Baseball Hall of Famer Bob Gibson died Friday at age 84, the St. Louis Cardinals confirmed to ESPN.
Gibson, who was born in Omaha, Nebraska, played all of his 17 MLB seasons with the Cardinals from 1959 through 1975.
He announced in July 2019 that he had pancreatic cancer.
The nine-time All-Star and two-time World Series champion earned 251 wins, struck out 3,117 and had a 2.91 ERA and was known as a fierce competitor who rarely smiled.
The two-time Cy Young Award winner was named the World Series MVP in the Cardinals’ 1964 and 1967 championship seasons. He was the National League MVP in 1968.
At his peak, Gibson might have been the most talented all-around starter in history, a nine-time Gold Glove winner who roamed wide to snatch up grounders despite a fierce, sweeping delivery that drove him to the first-base side of the mound and a strong hitter who twice hit five home runs in a season and batted .303 in 1970, when he also won his second Cy Young.
Averaging 19 wins per year from 1963 through 1972, he finished 251-174 and was only the second pitcher to reach 3,000 strikeouts. He didn’t throw as hard as Sandy Koufax or from as many angles as Juan Marichal, but batters never forgot how he glared at them (or squinted, because he was nearsighted) as if settling an ancient score.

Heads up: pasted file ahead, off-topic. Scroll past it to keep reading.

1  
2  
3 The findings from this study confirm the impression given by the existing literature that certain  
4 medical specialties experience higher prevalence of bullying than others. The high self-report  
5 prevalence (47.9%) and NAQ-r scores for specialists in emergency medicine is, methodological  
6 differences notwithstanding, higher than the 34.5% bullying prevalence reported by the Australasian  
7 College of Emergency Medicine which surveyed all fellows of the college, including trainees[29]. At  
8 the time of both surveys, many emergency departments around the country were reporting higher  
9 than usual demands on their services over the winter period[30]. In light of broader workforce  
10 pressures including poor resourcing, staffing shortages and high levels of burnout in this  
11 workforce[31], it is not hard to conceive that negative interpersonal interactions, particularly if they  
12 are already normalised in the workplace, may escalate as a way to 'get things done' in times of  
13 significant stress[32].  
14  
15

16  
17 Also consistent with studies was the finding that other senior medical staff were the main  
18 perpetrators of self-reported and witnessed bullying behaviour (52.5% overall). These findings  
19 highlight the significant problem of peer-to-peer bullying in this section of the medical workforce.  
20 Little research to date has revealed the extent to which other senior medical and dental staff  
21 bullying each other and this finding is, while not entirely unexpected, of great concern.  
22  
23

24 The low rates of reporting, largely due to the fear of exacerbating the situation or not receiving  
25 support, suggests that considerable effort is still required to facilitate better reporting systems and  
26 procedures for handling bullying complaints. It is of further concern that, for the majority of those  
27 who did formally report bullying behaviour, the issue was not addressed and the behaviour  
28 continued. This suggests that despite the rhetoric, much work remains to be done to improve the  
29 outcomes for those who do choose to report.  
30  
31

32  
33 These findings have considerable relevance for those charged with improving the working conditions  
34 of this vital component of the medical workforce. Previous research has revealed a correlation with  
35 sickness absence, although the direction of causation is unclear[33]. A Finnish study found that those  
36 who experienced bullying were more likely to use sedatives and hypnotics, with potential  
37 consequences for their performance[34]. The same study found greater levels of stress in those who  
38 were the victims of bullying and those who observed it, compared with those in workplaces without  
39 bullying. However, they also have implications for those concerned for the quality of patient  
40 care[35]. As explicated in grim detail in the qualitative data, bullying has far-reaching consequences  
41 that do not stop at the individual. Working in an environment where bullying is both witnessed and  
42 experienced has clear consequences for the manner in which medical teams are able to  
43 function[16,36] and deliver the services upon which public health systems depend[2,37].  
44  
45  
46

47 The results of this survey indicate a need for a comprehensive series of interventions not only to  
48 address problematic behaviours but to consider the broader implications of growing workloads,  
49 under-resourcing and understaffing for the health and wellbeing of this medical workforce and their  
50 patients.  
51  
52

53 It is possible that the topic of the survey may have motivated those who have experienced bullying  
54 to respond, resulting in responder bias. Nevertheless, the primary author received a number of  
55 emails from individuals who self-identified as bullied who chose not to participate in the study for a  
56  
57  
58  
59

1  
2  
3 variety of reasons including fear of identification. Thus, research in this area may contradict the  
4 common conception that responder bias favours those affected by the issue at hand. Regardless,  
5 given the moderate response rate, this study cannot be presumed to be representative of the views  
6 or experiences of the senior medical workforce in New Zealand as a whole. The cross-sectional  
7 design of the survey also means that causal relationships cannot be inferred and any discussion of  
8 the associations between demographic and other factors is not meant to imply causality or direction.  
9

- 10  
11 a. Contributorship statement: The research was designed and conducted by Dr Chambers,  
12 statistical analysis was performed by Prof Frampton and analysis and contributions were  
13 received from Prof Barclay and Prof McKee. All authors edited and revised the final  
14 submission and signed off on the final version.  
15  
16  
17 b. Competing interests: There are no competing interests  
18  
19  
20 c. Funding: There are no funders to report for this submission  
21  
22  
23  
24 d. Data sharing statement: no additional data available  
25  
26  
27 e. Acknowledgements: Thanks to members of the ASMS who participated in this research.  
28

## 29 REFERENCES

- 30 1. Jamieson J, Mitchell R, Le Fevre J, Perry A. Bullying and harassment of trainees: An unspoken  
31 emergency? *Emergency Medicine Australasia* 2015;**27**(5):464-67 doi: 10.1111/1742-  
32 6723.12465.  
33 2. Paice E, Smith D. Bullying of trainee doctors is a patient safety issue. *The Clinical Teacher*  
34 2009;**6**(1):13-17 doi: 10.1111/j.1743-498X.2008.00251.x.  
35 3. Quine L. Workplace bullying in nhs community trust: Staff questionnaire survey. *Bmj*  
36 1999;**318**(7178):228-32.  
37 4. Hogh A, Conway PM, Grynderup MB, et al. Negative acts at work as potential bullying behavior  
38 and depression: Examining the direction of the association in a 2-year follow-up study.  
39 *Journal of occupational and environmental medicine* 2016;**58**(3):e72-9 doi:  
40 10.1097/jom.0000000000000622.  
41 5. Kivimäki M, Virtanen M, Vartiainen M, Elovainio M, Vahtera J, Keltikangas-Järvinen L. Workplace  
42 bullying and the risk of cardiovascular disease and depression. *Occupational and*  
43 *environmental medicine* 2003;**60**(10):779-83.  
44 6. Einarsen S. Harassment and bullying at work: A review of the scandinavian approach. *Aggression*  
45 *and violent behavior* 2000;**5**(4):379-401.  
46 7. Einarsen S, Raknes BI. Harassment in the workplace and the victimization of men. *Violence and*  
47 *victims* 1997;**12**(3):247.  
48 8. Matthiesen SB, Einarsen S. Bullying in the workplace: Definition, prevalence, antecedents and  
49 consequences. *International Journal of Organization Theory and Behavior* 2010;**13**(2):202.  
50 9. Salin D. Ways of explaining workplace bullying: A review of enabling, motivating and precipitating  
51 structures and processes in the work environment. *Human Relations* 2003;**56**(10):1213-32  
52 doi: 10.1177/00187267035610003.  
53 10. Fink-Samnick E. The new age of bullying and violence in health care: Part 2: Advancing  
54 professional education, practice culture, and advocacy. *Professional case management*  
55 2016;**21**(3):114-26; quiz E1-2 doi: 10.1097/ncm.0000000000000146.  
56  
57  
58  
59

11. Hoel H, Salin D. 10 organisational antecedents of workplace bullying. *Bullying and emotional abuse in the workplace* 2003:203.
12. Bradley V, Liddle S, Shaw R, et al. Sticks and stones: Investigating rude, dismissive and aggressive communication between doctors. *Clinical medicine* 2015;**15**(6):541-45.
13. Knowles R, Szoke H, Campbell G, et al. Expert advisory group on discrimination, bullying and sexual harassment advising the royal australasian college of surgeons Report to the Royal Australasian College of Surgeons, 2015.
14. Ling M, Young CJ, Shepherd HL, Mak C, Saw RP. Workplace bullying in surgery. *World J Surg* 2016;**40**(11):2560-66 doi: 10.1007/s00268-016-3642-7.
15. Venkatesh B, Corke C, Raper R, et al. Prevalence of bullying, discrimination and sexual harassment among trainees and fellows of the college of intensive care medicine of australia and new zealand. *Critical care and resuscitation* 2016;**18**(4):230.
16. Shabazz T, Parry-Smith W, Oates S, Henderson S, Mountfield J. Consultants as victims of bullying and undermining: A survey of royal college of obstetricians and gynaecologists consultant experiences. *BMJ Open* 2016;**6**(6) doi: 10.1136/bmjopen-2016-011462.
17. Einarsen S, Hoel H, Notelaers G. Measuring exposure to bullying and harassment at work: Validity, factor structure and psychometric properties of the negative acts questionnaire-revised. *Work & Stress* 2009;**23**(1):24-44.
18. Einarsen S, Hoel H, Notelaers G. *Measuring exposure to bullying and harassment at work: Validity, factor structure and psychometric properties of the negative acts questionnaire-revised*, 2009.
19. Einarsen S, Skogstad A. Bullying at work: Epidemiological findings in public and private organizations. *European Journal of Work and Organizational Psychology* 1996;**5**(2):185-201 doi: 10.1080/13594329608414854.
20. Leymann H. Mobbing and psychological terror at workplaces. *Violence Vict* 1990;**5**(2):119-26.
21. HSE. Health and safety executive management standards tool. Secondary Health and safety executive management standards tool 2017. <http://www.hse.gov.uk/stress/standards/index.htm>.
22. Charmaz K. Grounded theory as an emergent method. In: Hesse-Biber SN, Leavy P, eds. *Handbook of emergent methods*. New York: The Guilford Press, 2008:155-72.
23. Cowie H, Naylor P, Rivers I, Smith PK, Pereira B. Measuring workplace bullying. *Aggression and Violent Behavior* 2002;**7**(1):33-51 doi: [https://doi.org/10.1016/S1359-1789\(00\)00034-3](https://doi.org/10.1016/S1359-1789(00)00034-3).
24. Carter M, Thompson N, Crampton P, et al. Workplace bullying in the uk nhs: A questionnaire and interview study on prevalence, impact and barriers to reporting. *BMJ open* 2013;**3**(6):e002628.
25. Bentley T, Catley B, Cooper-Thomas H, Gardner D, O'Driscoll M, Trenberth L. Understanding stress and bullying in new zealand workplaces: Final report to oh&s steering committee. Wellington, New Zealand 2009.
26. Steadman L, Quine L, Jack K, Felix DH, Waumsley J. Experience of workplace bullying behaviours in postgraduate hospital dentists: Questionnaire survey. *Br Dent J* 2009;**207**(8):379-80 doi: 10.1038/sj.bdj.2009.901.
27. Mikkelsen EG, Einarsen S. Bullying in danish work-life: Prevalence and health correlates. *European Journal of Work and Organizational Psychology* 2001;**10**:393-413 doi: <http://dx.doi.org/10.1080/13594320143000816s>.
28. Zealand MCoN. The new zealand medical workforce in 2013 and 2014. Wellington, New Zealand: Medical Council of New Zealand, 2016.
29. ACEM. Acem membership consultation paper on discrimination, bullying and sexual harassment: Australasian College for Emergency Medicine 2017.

In 1968, “The Year of the Pitcher,” Gibson made a case for one of the greatest seasons ever produced by a starter. He went 22-9 with a 1.12 ERA and 13 shutouts, leading to the pitcher’s mound being lowered from 15 to 10 inches. Gibson completed 28 of his 34 starts.
“I was pissed,” Gibson later remarked about the rule change brought on by his dominance, although he remained a top pitcher for several years and in 1971 threw his only no-hitter, against Pittsburgh.
Gibson’s death came on the 52nd anniversary of perhaps his most overpowering performance, when he struck out a World Series-record 17 batters in Game 1 of the 1968 Fall Classic against the Detroit Tigers.
“It was just so hard to beat him,” Chicago Cubs slugger and fellow Hall of Famer Billy Williams once said about Gibson. “One year, Roberto Clemente hit a line drive that hit him right in the shin. He pitched another five, six innings to finish the game, then it turned out he had a broken leg.”
RIP ❤️ ✊🏽
Thank you for all your wisdom
You are a legend
— Jack Flaherty (@Jack9Flaherty) October 3, 2020
St. Louis catcher Yadier Molina, who has played his entire career with the Cardinals, said the news of Gibson’s death put Friday’s defeat in perspective.
“It’s kind of hard losing a legend. You can lose a game, but when you lose a guy like Bob Gibson, just hard,” Molina said. “Bob was funny, smart, he brought a lot of energy. When he talked, you listened. It was good to have him around every year. We lose a game, we lose a series [Friday], but the tough thing is we lost one great man.”